Hummus is among us at Susie & Esther. Operating out of The Jasper each week, the Jewish- and Mediterranean-inspired pop-up regularly dedicates a night to the spread, and this week a version with charred ramps tossed with lemon and extra-virgin olive oil graces the menu.

Pasta with Ramp Pesto and Guanciale - Recipes

We’re making fresh pizza at home with Pizzaiolo Sal Reina of Francesca’s Pizza in Bergen County! He shares his tips and tricks for making the best pizza at home! Including his secret to great sauce - you won’t BELIEVE how easy it is!

There's a few weeks left in ramp season - and they're definitely worth getting and playing with! This easy pesto is a great way to introduce them into your kitchen! Ramps are wild garlic/leek, they're most often available at farmer's markets and in some grocery stores (I JUST saw them at Whole Foods this week!). They have a delicious garlic/oniony flavor and a beautiful bright green color that makes this pesto so, so pretty! I toss mine with toasted pine nuts and parmesan cheese - but you can always use a different nut (I'd say walnuts as my second choice) or omit them altogether if you have an allergy! Spin with olive oil and serve over pasta! YUM!

Mamma D joins me in the Cucina for this special Mother's Day episode! We took an "English tea" (not really) and give it some Italian-American flair! (Because really, what's America if not a mix of the rest of the world!?) Mom & I show you 3 simple, savory "bites." (Caprese, Fig & Prosciutto, and Mortadella Sammies) Plus one sweet one! (Strawberry Ricotta toast!) AND of course we have tea. but we turned it into a cocktail with the help of my friend Beth Nydick, co-author of Clean Cocktails! Finally, Mom sheds a tear as she shares her favorite part of being a Mom! It's all in this episode!

My friend & author, Andrew Cotto is BACK in the Cucina with another delicious meal AND Italian adventure! His latest novel, "Cucina Romana" is out NOW (link inside!) and of course, we had to make the classic Roman dish, pasta carbonara! Fatty guanciale, mixed with eggs and cheese (yes Jersey peeps, it's a bacon, egg & cheese as a pasta course!). Fresh cracked black pepper represents the "carbon" for carbonara. coal miners.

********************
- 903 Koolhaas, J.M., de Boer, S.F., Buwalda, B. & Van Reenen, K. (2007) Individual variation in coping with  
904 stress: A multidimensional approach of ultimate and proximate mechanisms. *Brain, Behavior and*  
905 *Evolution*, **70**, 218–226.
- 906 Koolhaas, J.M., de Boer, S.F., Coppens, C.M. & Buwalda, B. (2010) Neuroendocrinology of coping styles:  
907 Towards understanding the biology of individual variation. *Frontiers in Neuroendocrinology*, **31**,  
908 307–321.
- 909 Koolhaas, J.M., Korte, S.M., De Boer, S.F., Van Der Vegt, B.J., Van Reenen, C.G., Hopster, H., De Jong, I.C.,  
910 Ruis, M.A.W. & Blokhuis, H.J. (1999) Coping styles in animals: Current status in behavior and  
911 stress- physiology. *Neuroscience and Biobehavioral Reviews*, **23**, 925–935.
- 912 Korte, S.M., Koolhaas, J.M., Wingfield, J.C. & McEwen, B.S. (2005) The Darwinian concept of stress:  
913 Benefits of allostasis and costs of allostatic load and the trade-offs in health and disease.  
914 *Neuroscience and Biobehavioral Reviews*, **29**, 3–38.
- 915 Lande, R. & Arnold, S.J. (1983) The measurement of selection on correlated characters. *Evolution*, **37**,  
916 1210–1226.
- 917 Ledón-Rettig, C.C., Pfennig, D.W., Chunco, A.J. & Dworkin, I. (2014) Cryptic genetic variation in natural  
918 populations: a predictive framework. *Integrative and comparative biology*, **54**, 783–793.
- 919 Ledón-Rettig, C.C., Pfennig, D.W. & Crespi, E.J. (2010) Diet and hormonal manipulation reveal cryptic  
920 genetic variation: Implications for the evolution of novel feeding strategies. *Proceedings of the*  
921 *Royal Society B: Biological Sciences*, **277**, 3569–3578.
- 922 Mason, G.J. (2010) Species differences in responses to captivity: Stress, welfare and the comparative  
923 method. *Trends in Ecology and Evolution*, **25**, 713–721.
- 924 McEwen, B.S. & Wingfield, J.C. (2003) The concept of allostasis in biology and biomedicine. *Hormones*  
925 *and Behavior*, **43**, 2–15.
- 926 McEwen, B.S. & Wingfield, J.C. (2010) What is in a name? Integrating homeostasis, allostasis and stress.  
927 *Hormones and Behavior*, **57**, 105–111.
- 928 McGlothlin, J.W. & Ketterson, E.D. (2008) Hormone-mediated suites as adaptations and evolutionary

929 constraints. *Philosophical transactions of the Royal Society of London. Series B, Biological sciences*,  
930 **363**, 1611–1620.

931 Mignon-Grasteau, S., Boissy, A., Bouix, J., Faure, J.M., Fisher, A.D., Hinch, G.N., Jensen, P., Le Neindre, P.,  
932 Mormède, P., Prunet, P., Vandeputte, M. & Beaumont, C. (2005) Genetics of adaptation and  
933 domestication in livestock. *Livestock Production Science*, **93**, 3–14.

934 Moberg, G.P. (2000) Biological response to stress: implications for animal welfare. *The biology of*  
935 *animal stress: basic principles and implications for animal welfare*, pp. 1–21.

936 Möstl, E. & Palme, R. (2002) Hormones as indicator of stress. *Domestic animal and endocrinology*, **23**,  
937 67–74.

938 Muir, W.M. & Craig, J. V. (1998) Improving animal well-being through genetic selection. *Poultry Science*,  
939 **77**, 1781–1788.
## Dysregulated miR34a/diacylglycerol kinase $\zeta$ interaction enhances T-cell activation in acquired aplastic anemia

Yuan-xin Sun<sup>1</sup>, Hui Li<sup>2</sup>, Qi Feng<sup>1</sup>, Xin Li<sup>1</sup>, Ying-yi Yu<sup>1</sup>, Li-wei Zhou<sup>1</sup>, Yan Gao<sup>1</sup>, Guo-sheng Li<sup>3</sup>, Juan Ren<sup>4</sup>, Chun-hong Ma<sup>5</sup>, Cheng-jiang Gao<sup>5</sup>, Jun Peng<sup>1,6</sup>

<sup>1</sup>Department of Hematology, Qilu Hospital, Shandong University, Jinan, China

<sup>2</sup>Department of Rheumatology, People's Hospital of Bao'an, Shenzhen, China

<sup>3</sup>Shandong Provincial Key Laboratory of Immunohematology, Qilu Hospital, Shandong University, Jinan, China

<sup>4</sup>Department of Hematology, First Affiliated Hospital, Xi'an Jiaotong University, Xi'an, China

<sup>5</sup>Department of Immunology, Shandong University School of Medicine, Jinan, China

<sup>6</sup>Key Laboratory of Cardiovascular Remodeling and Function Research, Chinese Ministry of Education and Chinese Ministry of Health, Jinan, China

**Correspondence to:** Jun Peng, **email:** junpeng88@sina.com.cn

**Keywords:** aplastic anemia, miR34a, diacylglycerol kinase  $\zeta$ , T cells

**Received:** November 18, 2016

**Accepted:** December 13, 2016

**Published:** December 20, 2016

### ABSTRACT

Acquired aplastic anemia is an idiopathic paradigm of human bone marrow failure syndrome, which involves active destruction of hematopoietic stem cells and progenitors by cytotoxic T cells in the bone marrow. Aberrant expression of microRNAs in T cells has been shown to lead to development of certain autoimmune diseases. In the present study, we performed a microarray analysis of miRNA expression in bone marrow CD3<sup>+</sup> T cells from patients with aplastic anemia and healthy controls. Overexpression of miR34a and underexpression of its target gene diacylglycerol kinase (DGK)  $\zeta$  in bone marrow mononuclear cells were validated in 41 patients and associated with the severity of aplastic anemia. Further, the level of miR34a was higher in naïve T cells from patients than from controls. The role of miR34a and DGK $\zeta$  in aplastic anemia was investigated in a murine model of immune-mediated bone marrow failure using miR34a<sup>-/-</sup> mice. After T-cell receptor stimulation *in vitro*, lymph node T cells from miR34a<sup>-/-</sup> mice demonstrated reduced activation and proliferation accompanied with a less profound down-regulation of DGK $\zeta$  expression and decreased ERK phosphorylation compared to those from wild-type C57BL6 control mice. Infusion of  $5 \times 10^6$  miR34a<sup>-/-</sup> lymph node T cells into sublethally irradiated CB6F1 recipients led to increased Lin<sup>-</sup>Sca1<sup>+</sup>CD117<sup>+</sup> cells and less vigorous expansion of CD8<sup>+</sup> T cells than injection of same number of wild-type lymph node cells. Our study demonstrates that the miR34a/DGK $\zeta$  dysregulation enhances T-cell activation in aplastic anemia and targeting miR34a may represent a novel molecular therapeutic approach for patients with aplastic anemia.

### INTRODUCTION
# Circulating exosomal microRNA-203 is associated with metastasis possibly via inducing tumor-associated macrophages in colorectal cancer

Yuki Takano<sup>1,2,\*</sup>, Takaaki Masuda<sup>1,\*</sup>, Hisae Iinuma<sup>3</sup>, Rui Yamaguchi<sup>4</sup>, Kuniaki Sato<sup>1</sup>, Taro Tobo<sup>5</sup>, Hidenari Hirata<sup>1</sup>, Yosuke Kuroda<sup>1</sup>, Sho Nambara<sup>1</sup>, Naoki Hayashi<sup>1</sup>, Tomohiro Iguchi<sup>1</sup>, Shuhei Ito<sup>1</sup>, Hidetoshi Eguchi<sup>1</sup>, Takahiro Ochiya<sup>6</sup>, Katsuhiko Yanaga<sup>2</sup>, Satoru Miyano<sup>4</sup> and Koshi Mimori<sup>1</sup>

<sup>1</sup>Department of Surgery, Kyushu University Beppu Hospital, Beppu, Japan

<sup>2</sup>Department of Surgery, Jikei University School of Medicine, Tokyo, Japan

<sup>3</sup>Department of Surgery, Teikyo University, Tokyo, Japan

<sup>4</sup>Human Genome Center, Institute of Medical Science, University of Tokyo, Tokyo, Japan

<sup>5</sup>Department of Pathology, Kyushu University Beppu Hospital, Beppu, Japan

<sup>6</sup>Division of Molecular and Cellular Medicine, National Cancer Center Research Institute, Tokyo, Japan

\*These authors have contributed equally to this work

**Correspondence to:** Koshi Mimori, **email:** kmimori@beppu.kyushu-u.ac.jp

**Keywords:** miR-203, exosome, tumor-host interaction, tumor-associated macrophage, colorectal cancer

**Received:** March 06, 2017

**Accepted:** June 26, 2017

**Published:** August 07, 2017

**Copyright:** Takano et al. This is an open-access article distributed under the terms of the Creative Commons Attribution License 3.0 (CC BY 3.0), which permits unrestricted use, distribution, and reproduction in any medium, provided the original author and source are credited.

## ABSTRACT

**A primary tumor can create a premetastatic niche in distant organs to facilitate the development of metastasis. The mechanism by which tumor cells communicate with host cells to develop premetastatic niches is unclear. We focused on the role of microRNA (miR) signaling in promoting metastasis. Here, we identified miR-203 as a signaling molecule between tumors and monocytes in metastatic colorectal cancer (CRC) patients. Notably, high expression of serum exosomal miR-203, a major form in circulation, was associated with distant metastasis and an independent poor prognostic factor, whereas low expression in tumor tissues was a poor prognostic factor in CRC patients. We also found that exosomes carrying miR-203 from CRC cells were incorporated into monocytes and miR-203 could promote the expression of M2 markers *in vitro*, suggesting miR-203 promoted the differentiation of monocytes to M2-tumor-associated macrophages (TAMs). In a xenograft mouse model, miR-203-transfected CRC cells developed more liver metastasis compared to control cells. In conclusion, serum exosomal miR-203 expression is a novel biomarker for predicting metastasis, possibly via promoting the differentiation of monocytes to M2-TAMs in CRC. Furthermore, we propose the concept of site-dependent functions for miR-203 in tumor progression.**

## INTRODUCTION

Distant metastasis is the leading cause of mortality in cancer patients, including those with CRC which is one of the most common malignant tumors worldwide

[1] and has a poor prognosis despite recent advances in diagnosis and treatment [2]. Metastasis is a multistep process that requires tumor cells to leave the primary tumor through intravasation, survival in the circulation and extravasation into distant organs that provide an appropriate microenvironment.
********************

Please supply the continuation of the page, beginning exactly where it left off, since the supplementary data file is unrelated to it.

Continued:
I've always loved looking through old photos, old notes and papers, and above all, old cook books! When my Nanny passed we pulled what has become our kitchen Bible from her home. ALL of her best stuff was in there, including notes, substitute ingredients and other recipes she had collected over the years. This one was one of those recipes that's jotted onto scrap paper and tossed in the front cover - which means you know it's gonna be good! We actually never made this as a family, I'm not sure why because it's DELICIOUS! These spinach and potato gnocchi are the fluffiest little pillows of yum ever! They some how have the texture of ricotta gnocchi, and the color of Spring! It was always tradition in my family to start using spinach as the first of the Spring ingredients. And these gnocchi incorporate it perfectly (also, good way to sneak greens into picky eaters!) Best part? This recipe had it's own special sauce included! I changed the sauce a little because of my body's aversion to dairy but feel free to make whatever changes work best for YOU!

This simple arugula salad recipe is fast, fresh and easy! Toasted pine nuts and saved parmesan perfectly round out this dish with peppery arugula and bright lemon! The perfect side dish for any meal!

Nonni's porcini mushroom risotto is a family favorite for us! While it's a hearty dish, best served when the weather is cold we eat it all year round! Laganica sausage and ground beef create the base for this earthy meal. Then we add dried porcini mushrooms to the recipe. If you can't find them at the grocery store or market, I've included a link to buy them online. Finally I show you how to make one of my favorite, simple salads. It's the perfect side for this meal creating balance with peppery arugula and bright lemon! Plus I'll show you how to build any salad so you can get it done in advance!

This colorful take on the classic is perfect for Valentine's Day! Fresh or frozen berries, along with berry juice create the layers between the classic custard filling. Served in individual bowls (or for sharing!) it's a gorgeous finish to your Valentine's Day dinner!

Love is love - and pasta is life! It doesn't matter what kind of love you have in your life - you have love worth celebrating! And this is the perfect combination to do it with! Pink pasta dough creates heart shaped ravioli, filled with seasoned, fresh ricotta. Tossed in the easiest sauce ever! Butter and cheese! But don't worry, I added a mature little twist to finish it off with.

This classic Piemontese dish is a family tradition for me! Mamma D joins me in the Cucina this week to walk us through, not just how to make bagna cauda, but what to serve with it and a few delightful little memories around this meal! And, watch for a cameo from my grandfather as he tells the story of the origins of bagna cauda!